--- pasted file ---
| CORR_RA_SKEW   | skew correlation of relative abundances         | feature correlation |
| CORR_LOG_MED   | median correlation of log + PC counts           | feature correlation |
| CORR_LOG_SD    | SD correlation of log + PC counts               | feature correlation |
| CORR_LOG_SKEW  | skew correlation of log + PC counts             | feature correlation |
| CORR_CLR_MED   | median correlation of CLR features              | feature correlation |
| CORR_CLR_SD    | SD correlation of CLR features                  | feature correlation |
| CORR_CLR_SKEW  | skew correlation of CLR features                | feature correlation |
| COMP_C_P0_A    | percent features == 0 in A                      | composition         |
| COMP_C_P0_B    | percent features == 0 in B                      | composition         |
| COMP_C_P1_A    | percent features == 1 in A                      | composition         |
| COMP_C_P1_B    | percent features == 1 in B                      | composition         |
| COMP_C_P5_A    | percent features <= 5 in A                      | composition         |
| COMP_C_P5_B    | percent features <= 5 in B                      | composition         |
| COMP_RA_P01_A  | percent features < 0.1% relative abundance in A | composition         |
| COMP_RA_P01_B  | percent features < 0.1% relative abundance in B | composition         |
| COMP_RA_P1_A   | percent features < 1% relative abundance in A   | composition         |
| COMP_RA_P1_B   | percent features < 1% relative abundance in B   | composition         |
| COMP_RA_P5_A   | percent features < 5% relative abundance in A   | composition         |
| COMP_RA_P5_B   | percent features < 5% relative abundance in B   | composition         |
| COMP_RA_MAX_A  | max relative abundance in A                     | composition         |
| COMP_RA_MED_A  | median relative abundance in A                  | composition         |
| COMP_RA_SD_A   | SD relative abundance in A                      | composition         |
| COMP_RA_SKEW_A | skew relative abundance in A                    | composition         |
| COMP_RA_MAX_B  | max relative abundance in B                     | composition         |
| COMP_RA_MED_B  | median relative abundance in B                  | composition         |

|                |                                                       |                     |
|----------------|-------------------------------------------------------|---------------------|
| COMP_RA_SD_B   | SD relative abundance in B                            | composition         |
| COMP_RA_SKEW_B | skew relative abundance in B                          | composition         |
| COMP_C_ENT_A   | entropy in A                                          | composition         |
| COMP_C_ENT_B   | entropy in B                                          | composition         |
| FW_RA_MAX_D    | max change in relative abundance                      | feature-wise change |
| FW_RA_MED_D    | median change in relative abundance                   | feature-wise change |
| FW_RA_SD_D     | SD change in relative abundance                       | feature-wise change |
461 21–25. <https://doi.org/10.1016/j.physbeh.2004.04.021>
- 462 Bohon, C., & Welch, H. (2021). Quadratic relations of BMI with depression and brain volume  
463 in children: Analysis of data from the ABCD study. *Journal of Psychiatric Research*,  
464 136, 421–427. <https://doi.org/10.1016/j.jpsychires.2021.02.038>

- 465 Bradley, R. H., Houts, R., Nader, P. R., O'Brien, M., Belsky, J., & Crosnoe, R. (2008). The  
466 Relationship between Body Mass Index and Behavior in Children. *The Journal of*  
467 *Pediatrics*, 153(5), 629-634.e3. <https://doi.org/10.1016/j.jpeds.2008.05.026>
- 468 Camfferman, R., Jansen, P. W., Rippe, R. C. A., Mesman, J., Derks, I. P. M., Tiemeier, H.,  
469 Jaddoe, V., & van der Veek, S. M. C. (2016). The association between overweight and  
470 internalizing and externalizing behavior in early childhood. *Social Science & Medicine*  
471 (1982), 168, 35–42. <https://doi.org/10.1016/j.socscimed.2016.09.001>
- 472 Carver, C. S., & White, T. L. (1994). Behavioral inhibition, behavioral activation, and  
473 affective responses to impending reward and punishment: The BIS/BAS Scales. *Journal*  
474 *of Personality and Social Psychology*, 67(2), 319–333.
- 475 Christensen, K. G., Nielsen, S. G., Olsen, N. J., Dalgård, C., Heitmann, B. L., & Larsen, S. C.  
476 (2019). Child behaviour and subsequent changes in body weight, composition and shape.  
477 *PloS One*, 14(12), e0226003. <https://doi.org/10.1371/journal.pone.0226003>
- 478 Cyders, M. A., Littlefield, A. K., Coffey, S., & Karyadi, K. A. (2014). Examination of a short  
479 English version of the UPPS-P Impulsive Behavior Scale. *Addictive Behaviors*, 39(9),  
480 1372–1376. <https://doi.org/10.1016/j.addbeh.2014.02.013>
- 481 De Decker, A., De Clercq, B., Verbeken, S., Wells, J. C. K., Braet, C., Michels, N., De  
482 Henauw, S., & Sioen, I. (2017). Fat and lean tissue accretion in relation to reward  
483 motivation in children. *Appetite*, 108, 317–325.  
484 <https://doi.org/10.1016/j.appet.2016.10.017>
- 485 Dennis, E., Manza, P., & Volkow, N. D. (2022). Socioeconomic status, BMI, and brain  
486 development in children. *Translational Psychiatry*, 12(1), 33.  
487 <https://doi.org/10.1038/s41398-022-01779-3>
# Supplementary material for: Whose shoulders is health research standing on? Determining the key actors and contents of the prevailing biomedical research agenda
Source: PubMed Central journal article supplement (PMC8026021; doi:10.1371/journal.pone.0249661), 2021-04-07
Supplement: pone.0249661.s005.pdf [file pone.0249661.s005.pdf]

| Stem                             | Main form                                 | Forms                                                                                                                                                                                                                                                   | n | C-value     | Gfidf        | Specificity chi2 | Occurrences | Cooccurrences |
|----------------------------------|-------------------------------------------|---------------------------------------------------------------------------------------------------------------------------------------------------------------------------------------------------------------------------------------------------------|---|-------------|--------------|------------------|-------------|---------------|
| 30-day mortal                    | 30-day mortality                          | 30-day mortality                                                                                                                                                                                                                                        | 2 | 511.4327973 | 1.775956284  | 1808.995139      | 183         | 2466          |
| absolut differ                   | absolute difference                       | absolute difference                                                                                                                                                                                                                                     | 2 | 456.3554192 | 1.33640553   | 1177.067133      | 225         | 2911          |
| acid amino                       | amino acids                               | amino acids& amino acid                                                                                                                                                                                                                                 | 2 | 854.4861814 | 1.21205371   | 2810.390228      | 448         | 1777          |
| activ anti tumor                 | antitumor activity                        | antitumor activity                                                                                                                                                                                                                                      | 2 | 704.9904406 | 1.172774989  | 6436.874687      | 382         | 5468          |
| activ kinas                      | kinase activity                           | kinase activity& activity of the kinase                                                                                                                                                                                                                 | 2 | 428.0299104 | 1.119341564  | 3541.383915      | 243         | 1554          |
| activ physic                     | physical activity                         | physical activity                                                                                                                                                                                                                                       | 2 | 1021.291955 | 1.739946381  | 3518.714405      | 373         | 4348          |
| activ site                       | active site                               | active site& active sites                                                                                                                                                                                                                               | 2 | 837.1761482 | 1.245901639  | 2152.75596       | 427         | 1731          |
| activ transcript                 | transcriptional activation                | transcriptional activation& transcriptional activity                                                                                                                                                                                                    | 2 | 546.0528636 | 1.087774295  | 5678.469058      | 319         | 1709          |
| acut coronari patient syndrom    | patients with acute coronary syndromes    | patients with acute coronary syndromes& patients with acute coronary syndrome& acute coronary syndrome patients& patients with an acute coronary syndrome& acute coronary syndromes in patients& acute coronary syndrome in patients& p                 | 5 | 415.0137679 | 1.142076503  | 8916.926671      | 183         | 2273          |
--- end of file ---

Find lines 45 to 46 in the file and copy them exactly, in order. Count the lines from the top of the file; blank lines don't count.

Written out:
471 (1982), 168, 35–42. <https://doi.org/10.1016/j.socscimed.2016.09.001>
- 472 Carver, C. S., & White, T. L. (1994). Behavioral inhibition, behavioral activation, and  